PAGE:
Yet the range of items available for purchase seemed strikingly similar to Walmart's. Within a few square feet in the North Main Street store, I found a book by Joyce Carol Oates for $3, a tube of frozen ground beef for $4.25, a $1 jar of pickles, a box of 24 crayons for 50 cents and a quart of motor oil for $3.60.

Enticing you to grab all these items are yellow and black signs tucked discreetly atop shelving units:

"Wow, Simple Prices You Can Add Up in Your Head."

"Wow, We Accept Manufacturers [sic] Coupons."

(Dollar General seems to be a big fan of "wow.")

"More deals for your dollar every day!"

"We Always Stretch Your Dollar."

Each store I visited appeared to have only two employees on duty, and there were minutes-long spells when no one staffed the cash registers.

When the employees were at their posts, they often didn't seem too happy to be there. "All I want to do is crawl under a rock and not deal with anybody," a twentysomething female cashier murmured to a customer. "Or go into a room, close the door and not deal with the world."

That didn't deter the steady trickle of customers, most with carts full of cheap groceries and other supplies.

In the parking lot, I found Celine MacDonald, who owns Jerry's Sports Tavern in downtown Barre, loading bags of groceries into her trunk. She said she buys everything at Dollar General, from snacks to juices and sodas for her bar. It's usually cheaper than what her suppliers offer, she explained.

No wonder Dollar General stores have provoked Vermonters' age-old fears of watching mom-and-pop businesses go dark. But experts say the stores' actual economic impact in Vermont is unclear.

Jack Garvin, chair of the Vermont Alliance of Independent Country Stores and general manager of the Warren Store, said his organization's members are aware of Dollar General's proliferation but have not voiced significant concerns.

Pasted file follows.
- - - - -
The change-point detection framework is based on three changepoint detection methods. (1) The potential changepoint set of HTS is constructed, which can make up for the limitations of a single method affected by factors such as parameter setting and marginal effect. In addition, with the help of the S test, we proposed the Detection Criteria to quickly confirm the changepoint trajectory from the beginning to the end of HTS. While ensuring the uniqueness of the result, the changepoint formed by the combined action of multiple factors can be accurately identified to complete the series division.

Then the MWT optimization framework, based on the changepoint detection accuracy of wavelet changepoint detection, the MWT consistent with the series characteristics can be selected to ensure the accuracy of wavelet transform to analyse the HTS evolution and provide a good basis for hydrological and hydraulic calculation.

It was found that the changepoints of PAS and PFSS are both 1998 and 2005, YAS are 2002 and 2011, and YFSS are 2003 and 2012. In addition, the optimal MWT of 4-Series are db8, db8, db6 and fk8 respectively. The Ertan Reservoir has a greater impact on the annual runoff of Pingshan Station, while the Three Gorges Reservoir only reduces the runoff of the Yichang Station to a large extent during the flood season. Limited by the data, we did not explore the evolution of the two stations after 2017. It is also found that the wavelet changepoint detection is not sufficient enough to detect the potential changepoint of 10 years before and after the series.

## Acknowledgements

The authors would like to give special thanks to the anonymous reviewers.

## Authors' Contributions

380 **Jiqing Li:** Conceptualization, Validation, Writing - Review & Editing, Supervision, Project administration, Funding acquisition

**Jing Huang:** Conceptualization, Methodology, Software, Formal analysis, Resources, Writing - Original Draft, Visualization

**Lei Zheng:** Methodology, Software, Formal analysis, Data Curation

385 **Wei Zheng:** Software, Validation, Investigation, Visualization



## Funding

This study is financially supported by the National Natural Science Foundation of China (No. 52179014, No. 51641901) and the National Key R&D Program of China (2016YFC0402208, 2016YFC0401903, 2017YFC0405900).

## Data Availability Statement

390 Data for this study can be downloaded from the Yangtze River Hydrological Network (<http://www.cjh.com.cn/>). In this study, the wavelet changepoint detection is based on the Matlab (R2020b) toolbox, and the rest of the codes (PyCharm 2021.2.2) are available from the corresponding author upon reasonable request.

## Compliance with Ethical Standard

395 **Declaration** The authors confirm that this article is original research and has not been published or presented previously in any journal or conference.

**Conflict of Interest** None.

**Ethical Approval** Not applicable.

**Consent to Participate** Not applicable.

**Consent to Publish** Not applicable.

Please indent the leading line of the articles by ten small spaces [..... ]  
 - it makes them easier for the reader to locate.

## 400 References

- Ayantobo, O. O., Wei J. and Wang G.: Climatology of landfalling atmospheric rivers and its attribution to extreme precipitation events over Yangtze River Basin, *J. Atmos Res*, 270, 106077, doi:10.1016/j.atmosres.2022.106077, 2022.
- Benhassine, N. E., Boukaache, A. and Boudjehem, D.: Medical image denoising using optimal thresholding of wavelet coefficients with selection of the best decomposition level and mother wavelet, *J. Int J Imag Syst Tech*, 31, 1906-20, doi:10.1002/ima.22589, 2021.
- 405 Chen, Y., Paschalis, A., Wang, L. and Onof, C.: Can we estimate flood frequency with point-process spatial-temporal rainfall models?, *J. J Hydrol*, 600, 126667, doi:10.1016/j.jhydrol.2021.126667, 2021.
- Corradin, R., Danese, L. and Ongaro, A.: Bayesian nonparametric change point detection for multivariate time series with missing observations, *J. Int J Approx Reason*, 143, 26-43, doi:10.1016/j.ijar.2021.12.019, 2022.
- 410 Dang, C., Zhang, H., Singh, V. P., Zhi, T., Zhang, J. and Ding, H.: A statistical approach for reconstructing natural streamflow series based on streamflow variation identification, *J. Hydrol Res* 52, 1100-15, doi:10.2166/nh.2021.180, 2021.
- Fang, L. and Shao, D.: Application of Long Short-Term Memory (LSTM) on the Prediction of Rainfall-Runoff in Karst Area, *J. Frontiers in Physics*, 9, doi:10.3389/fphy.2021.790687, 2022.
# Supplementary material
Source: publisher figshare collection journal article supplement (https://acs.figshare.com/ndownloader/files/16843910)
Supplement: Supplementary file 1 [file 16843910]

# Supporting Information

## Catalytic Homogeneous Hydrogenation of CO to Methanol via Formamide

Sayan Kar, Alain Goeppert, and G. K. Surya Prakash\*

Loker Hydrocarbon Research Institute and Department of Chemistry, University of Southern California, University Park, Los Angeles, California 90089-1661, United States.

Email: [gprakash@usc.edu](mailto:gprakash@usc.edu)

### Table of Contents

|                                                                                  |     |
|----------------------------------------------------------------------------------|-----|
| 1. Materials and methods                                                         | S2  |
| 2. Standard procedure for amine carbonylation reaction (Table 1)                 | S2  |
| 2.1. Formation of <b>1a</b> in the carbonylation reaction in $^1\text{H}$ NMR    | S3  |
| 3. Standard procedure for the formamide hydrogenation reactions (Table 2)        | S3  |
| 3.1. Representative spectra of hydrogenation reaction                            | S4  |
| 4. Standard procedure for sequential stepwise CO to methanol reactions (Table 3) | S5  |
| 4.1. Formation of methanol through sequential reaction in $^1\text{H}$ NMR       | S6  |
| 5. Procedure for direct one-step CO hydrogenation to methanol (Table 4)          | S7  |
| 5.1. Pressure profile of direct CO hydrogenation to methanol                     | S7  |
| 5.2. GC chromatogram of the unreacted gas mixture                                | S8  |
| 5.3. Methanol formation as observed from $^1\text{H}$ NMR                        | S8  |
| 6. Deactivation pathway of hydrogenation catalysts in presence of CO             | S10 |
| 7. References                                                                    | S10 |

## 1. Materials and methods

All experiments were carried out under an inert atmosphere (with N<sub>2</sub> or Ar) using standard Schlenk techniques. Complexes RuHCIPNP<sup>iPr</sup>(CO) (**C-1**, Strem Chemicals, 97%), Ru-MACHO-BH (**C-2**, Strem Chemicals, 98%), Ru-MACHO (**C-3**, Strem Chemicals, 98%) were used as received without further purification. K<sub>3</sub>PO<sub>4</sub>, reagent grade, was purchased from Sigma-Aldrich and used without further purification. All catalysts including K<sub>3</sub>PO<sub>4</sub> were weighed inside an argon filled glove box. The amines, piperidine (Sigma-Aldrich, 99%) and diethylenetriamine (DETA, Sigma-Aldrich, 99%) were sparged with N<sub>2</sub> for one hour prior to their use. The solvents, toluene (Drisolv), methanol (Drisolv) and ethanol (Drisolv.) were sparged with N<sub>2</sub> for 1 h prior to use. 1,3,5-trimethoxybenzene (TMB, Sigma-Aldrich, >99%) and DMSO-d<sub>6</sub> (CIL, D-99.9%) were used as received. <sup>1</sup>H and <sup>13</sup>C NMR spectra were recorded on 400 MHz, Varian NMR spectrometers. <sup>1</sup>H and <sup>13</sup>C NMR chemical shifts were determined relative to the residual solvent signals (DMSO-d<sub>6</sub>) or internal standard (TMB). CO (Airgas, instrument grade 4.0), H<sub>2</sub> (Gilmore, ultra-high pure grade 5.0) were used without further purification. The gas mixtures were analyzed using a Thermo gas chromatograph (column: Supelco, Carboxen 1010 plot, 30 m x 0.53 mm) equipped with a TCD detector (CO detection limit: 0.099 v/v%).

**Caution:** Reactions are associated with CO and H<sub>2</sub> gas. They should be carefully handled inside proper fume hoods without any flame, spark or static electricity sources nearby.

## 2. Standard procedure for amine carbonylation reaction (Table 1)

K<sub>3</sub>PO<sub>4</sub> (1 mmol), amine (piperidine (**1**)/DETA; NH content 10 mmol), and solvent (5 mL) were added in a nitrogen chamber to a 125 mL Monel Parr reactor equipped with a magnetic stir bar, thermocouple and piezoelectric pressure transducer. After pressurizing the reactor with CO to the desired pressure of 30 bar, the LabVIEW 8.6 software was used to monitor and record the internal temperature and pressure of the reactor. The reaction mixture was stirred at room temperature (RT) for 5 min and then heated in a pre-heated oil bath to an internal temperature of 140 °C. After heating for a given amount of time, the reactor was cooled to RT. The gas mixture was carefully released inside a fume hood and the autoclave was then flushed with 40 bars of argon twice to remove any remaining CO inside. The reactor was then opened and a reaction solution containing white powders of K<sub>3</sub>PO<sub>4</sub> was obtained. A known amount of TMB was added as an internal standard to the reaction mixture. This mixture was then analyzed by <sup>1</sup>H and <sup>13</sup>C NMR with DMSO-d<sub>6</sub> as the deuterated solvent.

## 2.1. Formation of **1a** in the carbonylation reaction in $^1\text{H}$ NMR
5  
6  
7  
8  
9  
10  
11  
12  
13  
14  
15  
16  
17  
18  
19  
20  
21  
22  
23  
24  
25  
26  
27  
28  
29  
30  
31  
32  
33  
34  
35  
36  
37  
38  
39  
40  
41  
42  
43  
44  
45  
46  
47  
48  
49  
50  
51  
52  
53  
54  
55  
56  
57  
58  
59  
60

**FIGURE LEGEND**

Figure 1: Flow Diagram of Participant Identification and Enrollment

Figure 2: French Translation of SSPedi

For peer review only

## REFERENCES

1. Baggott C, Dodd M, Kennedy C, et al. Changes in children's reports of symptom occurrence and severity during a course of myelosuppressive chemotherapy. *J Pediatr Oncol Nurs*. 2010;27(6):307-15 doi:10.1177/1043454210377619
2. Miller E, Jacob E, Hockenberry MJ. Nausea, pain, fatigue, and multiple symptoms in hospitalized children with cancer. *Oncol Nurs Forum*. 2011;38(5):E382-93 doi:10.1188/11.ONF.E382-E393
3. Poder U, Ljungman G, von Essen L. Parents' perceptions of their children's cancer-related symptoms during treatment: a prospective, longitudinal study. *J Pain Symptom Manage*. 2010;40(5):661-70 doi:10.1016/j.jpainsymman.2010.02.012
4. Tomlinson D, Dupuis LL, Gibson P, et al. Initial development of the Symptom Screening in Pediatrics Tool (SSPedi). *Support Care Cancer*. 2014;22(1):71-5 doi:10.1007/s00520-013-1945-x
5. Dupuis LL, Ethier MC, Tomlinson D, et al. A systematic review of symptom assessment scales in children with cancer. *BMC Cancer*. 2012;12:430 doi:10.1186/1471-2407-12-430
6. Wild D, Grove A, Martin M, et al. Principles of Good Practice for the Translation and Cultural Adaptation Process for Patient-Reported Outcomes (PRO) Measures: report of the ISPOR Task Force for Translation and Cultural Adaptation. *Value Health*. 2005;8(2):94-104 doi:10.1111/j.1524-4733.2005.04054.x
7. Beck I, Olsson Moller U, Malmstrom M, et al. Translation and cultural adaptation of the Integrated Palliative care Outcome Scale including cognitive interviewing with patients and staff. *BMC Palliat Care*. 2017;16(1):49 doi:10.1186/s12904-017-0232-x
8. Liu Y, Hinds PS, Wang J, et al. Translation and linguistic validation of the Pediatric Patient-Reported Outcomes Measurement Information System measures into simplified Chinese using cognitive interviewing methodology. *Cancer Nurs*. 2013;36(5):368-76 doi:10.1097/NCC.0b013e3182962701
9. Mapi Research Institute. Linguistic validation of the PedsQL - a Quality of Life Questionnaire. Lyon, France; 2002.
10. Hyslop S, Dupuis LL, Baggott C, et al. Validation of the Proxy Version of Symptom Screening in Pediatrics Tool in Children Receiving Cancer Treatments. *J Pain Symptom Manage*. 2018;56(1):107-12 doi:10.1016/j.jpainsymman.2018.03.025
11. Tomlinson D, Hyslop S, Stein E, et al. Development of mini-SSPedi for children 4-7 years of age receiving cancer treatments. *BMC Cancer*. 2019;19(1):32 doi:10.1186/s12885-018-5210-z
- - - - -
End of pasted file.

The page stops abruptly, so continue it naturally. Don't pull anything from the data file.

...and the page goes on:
"We're more of an attraction," Garvin said, referring to the typical rustic country store's appeal for tourists and passersby.

Country stores that sell more sundry-type items could be impacted by competition from Dollar Generals, he acknowledged — then admitted to having bought decorations for his own store at a Dollar General.

"I am a culprit," Garvin said. "When you live in Vermont, you have to watch every penny."

Bruhn said his organization sees value in Dollar General stores — when they are located in downtowns and don't contribute to sprawl. For example, Bruhn described a Dollar General in Bennington as having "been a good addition to downtown."

"We understand that there are a lot of people that want that kind of shopping experience," Bruhn said. "It's not unlike the old five-and-dime stores. Our concerns have more to do with location and scale. The issue for us is, do we need one every eight miles?"

Even Dollar General's detractors say they are learning to make their peace with the stores. Pacilio said she took some solace from the fact that her legal fight persuaded Dollar General to keep several trees and bushes the company had wanted to uproot at its new Fairlee store. It also scrapped plans for a 16-foot illuminated sign in favor of a much smaller design.

"People have told me that's the nicest-looking Dollar General store they've ever seen," Pacilio said.

But she has urged her tenants not to shop at the store. And Pacilio hasn't forgotten the lessons of the Dollar General fight — she recently secured a seat on her town's planning board.

The original print version of this article was headlined "Stopping the Buck"